SEM micrograph of the nano-CaCO
3
powder. The
particle size distribution shows slightly higher sizes due
to agglomeration of the ne particles [16]. The mixtures
are labeled with respect to their dosage: #N#M;
N indicating nano-particles, M indicating micro-
particles, and # representing the corresponding
882 Materials and Structures (2013) 46:881898
dosage. For example, 2.5 N5 M represents a mixture
with 2.5 % nano-CaCO
3
and 5 % micro-CaCO
3
,
together partially replacing 7.5 % of cement by volume.
Before mixing the UHPC, nano-CaCO
3
particles were
dispersed in the mixing water using the ultrasonic
dispersion method [17]. Water from the HRWRA was
included in the specied w/c. The selected composition
of the control mixture, which is a well-known class of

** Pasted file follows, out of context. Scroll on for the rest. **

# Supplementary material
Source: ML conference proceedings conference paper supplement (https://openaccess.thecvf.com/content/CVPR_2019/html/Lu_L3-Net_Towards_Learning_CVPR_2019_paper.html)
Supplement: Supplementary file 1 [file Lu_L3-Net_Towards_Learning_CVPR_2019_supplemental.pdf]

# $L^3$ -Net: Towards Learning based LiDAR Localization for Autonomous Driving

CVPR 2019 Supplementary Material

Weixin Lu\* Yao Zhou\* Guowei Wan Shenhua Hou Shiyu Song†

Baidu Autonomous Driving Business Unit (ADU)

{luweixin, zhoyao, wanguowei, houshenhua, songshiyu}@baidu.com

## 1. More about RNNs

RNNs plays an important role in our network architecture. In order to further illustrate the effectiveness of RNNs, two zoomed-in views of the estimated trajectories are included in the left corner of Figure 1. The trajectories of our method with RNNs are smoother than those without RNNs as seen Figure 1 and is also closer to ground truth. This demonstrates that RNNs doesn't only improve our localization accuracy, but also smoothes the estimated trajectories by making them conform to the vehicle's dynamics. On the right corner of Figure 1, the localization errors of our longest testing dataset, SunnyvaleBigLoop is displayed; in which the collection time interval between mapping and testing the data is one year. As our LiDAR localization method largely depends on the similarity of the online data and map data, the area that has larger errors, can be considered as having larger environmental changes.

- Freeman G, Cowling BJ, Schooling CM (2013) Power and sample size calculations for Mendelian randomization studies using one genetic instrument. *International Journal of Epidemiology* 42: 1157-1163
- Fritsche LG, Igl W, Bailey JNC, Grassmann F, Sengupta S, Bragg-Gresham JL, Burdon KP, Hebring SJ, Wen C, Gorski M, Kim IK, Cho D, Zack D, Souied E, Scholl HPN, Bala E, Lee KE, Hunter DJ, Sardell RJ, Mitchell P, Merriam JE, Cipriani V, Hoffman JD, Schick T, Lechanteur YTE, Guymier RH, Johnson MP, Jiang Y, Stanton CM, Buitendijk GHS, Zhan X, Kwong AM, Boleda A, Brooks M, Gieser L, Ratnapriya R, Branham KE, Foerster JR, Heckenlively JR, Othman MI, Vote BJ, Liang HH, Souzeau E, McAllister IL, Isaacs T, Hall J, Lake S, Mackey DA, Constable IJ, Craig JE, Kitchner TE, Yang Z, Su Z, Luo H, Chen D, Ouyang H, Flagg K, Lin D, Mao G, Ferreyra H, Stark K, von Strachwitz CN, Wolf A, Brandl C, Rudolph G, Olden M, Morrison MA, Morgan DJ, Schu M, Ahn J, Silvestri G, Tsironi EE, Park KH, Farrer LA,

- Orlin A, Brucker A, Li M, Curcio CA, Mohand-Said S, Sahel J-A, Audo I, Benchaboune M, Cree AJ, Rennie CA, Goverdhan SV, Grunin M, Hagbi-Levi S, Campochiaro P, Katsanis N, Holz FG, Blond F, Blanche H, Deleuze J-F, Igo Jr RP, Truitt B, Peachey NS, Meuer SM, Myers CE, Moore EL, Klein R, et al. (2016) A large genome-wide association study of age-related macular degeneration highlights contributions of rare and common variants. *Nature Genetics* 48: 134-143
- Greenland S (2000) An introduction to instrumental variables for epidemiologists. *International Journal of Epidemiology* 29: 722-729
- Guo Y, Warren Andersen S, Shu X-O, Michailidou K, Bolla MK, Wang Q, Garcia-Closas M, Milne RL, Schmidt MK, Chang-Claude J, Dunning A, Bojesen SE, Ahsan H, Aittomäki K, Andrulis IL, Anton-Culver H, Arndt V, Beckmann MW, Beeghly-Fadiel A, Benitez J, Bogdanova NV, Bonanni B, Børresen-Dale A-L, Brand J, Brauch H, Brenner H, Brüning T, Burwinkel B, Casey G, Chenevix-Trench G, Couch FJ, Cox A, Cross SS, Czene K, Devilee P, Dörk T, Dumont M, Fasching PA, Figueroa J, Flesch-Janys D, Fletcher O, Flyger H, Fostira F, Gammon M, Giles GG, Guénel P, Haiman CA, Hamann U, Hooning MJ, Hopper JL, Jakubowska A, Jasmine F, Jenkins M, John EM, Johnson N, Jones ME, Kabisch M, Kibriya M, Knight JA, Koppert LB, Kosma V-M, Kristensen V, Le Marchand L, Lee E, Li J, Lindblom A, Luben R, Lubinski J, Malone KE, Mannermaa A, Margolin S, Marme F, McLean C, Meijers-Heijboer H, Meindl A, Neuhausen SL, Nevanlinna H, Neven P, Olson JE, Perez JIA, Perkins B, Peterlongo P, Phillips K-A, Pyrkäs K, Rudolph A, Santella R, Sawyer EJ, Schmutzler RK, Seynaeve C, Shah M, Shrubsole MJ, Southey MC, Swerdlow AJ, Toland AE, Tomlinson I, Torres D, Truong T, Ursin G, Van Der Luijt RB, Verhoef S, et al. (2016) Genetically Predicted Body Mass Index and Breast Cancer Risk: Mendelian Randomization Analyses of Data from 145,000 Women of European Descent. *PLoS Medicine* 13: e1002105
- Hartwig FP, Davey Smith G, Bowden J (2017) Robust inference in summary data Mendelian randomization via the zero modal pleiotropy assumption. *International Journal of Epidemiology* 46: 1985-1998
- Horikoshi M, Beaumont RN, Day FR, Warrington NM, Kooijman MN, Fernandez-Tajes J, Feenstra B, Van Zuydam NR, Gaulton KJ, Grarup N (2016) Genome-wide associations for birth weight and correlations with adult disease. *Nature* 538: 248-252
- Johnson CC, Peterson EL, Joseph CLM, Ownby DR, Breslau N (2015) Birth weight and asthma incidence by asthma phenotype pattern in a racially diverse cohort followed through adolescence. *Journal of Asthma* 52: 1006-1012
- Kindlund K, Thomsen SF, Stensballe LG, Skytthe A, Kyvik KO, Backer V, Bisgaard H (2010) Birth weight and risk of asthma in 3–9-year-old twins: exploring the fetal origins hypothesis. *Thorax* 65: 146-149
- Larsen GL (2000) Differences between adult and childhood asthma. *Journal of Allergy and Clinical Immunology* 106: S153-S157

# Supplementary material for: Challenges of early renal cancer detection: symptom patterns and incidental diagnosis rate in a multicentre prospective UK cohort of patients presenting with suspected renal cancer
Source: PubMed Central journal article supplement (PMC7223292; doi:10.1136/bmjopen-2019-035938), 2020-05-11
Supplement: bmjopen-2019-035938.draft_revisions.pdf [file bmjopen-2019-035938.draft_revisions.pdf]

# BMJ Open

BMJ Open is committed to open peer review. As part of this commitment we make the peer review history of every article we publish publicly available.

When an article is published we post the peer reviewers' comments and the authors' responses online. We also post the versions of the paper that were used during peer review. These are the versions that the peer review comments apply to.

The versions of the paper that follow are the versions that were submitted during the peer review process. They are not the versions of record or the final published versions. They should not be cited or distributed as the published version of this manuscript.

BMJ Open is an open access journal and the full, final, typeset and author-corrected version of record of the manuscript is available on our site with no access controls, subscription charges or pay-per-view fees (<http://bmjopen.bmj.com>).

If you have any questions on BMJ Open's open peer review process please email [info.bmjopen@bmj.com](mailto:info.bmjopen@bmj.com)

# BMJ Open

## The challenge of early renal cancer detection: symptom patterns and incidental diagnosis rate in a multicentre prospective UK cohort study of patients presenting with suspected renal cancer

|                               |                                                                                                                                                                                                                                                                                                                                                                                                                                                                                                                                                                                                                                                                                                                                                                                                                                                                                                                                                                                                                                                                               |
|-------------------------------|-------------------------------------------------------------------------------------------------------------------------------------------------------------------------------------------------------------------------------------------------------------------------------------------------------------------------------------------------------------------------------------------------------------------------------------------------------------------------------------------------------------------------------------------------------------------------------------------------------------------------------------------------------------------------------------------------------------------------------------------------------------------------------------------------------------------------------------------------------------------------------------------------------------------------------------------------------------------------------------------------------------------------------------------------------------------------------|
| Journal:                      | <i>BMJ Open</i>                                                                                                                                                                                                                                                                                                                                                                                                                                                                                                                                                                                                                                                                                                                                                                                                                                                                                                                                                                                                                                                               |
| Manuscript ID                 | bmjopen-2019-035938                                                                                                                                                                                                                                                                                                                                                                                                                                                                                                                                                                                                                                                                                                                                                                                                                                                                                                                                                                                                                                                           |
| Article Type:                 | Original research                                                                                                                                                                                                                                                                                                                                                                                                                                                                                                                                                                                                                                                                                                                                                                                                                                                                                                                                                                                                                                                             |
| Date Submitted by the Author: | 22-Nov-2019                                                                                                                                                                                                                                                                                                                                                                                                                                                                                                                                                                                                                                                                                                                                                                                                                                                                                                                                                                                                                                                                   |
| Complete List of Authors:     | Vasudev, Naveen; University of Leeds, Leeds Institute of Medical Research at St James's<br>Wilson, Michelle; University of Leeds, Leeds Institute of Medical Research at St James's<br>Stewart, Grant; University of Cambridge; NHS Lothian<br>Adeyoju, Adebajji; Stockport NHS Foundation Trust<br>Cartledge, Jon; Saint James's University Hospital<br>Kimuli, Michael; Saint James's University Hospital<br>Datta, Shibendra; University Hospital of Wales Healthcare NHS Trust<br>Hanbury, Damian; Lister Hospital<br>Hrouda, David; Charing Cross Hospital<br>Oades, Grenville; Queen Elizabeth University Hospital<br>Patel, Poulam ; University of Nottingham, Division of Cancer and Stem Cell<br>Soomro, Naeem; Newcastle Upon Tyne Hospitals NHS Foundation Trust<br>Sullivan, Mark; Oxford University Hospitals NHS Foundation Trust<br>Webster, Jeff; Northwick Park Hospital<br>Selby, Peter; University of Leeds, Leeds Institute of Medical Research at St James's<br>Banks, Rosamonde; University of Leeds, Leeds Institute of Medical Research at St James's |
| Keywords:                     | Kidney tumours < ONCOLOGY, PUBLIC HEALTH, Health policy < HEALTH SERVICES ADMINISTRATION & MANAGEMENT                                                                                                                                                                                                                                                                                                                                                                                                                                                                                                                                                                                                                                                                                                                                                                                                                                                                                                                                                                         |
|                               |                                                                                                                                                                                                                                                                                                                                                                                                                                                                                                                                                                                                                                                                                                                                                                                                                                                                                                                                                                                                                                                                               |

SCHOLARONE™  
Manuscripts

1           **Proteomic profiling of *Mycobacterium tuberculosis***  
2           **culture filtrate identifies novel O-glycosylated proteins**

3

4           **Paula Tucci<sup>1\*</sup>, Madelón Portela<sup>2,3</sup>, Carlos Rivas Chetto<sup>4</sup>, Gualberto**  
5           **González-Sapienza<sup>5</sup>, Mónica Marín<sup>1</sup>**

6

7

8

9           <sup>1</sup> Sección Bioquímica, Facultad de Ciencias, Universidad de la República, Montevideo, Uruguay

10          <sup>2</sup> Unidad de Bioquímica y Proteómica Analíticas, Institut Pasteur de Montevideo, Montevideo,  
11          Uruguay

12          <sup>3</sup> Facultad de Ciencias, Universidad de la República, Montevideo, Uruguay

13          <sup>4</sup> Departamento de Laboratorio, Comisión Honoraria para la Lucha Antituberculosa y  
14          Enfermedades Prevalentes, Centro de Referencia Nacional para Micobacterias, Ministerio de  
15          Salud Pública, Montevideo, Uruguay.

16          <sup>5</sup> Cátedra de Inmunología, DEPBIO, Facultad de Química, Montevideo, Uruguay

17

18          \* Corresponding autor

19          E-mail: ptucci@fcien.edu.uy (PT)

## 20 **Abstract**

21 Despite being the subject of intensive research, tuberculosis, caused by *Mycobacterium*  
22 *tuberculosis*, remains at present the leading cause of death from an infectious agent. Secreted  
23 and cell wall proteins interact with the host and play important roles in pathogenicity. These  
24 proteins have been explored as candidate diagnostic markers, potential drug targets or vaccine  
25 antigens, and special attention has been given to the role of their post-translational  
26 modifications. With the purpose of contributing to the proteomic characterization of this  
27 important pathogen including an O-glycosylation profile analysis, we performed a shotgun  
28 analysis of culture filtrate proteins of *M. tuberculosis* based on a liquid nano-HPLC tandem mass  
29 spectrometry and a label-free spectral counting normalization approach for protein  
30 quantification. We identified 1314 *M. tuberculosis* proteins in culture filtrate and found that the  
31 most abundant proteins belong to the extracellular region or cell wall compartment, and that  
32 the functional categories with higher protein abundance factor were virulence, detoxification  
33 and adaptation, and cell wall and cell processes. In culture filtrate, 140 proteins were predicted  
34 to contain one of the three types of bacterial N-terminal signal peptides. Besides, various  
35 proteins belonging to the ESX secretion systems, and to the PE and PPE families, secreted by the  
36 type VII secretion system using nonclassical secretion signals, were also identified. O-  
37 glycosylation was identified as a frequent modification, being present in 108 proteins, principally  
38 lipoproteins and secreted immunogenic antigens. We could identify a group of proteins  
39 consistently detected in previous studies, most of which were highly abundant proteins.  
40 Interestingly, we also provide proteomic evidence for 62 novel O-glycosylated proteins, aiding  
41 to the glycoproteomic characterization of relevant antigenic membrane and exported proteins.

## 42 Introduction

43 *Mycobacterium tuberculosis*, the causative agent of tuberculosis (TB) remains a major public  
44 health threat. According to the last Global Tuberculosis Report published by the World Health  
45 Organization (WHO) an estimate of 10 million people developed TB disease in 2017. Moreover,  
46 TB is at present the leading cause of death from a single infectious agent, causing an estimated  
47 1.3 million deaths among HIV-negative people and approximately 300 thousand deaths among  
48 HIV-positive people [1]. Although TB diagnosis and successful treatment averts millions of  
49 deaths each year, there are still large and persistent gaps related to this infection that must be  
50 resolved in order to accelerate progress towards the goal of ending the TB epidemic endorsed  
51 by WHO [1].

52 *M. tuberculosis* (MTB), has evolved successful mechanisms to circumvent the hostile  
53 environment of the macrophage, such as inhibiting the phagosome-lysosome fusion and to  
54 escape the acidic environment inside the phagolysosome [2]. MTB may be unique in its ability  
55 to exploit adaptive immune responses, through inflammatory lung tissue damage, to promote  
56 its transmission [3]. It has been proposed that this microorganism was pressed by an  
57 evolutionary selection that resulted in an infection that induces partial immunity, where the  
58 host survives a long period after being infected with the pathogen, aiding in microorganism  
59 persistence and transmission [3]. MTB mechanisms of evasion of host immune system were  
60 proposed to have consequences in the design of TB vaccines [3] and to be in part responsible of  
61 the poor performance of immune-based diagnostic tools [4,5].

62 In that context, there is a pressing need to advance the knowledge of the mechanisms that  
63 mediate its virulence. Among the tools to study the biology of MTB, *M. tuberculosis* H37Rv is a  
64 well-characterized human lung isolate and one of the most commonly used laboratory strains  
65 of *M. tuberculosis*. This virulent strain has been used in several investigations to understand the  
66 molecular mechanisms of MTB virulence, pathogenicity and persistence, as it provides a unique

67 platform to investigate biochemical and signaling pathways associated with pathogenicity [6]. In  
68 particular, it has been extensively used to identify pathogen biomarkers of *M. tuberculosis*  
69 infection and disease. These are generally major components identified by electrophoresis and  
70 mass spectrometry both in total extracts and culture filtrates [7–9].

UHPC without coarse aggregate [18, 19], and the
characteristics of the tested mixtures are shown in
Tables 2 and 3, respectively.
3.2 Test methods and specimens preparation
The workability of each mixture was evaluated based
on the ow index (F), which is dened as follows
(Eq. 1):
F%
R
25
R
0
R
0
100 1
where R
25
is the radius of the mortar pile after the 25th
drop and R
0
is the initial radius of the mortar pile
according to ASTM C 1437 (standard test method for
ow of hydraulic cement mortar) [20].
Compressive strength testing was conducted on
50 mm (2 in.) UHPC cubes at the ages of 6, 8, 10, and
12 h, and 1, 3, 7, and 28 days using a 200-ton (441 kip)
compression testing machine (innovative instru-
ments). Specimens were moist cured under burlap
for the rst 24 h, and then submerged in lime-saturated
water for the remainder of the curing period. Two
curing regimes, namely at 10 and 20 1 C (50 and
68 F), were conducted in a walk-in environmental
chamber to simulate cold and normal site conditions.
The time of setting was measured on three replicate